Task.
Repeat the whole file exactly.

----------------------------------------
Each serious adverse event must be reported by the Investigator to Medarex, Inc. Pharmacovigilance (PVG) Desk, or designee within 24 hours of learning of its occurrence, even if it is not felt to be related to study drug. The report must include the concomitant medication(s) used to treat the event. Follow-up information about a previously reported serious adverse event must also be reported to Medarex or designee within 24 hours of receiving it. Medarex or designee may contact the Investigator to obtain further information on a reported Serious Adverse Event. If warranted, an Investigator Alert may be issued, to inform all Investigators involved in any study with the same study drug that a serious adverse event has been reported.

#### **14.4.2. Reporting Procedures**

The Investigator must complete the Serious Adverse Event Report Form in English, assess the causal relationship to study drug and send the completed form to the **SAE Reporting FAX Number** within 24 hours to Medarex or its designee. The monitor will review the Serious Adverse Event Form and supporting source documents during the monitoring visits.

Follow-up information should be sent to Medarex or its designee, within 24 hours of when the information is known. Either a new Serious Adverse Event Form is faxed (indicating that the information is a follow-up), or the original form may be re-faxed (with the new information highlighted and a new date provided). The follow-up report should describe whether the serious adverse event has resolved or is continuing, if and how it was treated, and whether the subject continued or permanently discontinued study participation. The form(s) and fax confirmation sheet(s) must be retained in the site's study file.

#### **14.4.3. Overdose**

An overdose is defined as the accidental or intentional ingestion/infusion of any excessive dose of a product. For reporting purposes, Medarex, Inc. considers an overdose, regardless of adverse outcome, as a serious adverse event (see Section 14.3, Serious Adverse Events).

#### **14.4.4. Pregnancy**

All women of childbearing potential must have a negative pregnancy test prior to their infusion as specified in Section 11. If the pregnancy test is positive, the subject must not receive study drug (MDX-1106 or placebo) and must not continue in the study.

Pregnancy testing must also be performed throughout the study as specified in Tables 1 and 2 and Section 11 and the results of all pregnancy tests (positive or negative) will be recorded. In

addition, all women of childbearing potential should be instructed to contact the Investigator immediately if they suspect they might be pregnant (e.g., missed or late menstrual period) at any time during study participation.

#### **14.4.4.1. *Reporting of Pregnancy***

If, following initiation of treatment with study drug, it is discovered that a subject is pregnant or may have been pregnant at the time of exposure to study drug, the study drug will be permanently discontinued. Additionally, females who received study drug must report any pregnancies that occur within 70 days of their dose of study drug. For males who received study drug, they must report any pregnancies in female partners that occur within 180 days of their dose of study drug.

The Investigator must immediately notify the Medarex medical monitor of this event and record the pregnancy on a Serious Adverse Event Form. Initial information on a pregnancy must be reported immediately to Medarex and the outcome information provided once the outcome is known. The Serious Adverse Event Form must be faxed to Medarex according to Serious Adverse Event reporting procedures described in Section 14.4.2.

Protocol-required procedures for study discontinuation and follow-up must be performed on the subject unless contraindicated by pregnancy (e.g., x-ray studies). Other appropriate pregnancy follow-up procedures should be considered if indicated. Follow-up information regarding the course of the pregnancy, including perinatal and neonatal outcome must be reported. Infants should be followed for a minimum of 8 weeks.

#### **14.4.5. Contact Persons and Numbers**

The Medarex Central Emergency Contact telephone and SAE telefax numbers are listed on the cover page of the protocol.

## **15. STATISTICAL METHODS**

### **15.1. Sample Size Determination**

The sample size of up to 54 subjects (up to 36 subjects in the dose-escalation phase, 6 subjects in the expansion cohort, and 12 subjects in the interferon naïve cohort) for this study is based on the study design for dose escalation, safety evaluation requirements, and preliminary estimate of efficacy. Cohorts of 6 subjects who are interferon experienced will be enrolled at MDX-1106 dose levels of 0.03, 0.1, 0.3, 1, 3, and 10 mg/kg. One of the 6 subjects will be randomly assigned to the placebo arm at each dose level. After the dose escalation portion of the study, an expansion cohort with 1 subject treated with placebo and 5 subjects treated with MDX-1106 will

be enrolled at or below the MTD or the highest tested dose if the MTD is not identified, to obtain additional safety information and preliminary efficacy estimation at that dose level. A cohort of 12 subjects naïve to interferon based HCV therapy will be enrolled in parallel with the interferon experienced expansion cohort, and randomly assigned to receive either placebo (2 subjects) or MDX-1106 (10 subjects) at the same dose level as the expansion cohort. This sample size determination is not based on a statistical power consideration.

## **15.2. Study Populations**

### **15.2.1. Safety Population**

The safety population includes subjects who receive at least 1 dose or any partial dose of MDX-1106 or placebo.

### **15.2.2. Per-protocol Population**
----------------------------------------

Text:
Each serious adverse event must be reported by the Investigator to Medarex, Inc. Pharmacovigilance (PVG) Desk, or designee within 24 hours of learning of its occurrence, even if it is not felt to be related to study drug. The report must include the concomitant medication(s) used to treat the event. Follow-up information about a previously reported serious adverse event must also be reported to Medarex or designee within 24 hours of receiving it. Medarex or designee may contact the Investigator to obtain further information on a reported Serious Adverse Event. If warranted, an Investigator Alert may be issued, to inform all Investigators involved in any study with the same study drug that a serious adverse event has been reported.

#### **14.4.2. Reporting Procedures**

The Investigator must complete the Serious Adverse Event Report Form in English, assess the causal relationship to study drug and send the completed form to the **SAE Reporting FAX Number** within 24 hours to Medarex or its designee. The monitor will review the Serious Adverse Event Form and supporting source documents during the monitoring visits.

Follow-up information should be sent to Medarex or its designee, within 24 hours of when the information is known. Either a new Serious Adverse Event Form is faxed (indicating that the information is a follow-up), or the original form may be re-faxed (with the new information highlighted and a new date provided). The follow-up report should describe whether the serious adverse event has resolved or is continuing, if and how it was treated, and whether the subject continued or permanently discontinued study participation. The form(s) and fax confirmation sheet(s) must be retained in the site's study file.

#### **14.4.3. Overdose**

An overdose is defined as the accidental or intentional ingestion/infusion of any excessive dose of a product. For reporting purposes, Medarex, Inc. considers an overdose, regardless of adverse outcome, as a serious adverse event (see Section 14.3, Serious Adverse Events).

#### **14.4.4. Pregnancy**

All women of childbearing potential must have a negative pregnancy test prior to their infusion as specified in Section 11. If the pregnancy test is positive, the subject must not receive study drug (MDX-1106 or placebo) and must not continue in the study.

Pregnancy testing must also be performed throughout the study as specified in Tables 1 and 2 and Section 11 and the results of all pregnancy tests (positive or negative) will be recorded. In

addition, all women of childbearing potential should be instructed to contact the Investigator immediately if they suspect they might be pregnant (e.g., missed or late menstrual period) at any time during study participation.

#### **14.4.4.1. *Reporting of Pregnancy***

If, following initiation of treatment with study drug, it is discovered that a subject is pregnant or may have been pregnant at the time of exposure to study drug, the study drug will be permanently discontinued. Additionally, females who received study drug must report any pregnancies that occur within 70 days of their dose of study drug. For males who received study drug, they must report any pregnancies in female partners that occur within 180 days of their dose of study drug.

The Investigator must immediately notify the Medarex medical monitor of this event and record the pregnancy on a Serious Adverse Event Form. Initial information on a pregnancy must be reported immediately to Medarex and the outcome information provided once the outcome is known. The Serious Adverse Event Form must be faxed to Medarex according to Serious Adverse Event reporting procedures described in Section 14.4.2.

Protocol-required procedures for study discontinuation and follow-up must be performed on the subject unless contraindicated by pregnancy (e.g., x-ray studies). Other appropriate pregnancy follow-up procedures should be considered if indicated. Follow-up information regarding the course of the pregnancy, including perinatal and neonatal outcome must be reported. Infants should be followed for a minimum of 8 weeks.

#### **14.4.5. Contact Persons and Numbers**

The Medarex Central Emergency Contact telephone and SAE telefax numbers are listed on the cover page of the protocol.

## **15. STATISTICAL METHODS**

### **15.1. Sample Size Determination**

The sample size of up to 54 subjects (up to 36 subjects in the dose-escalation phase, 6 subjects in the expansion cohort, and 12 subjects in the interferon naïve cohort) for this study is based on the study design for dose escalation, safety evaluation requirements, and preliminary estimate of efficacy. Cohorts of 6 subjects who are interferon experienced will be enrolled at MDX-1106 dose levels of 0.03, 0.1, 0.3, 1, 3, and 10 mg/kg. One of the 6 subjects will be randomly assigned to the placebo arm at each dose level. After the dose escalation portion of the study, an expansion cohort with 1 subject treated with placebo and 5 subjects treated with MDX-1106 will

be enrolled at or below the MTD or the highest tested dose if the MTD is not identified, to obtain additional safety information and preliminary efficacy estimation at that dose level. A cohort of 12 subjects naïve to interferon based HCV therapy will be enrolled in parallel with the interferon experienced expansion cohort, and randomly assigned to receive either placebo (2 subjects) or MDX-1106 (10 subjects) at the same dose level as the expansion cohort. This sample size determination is not based on a statistical power consideration.

## **15.2. Study Populations**

### **15.2.1. Safety Population**

The safety population includes subjects who receive at least 1 dose or any partial dose of MDX-1106 or placebo.

### **15.2.2. Per-protocol Population**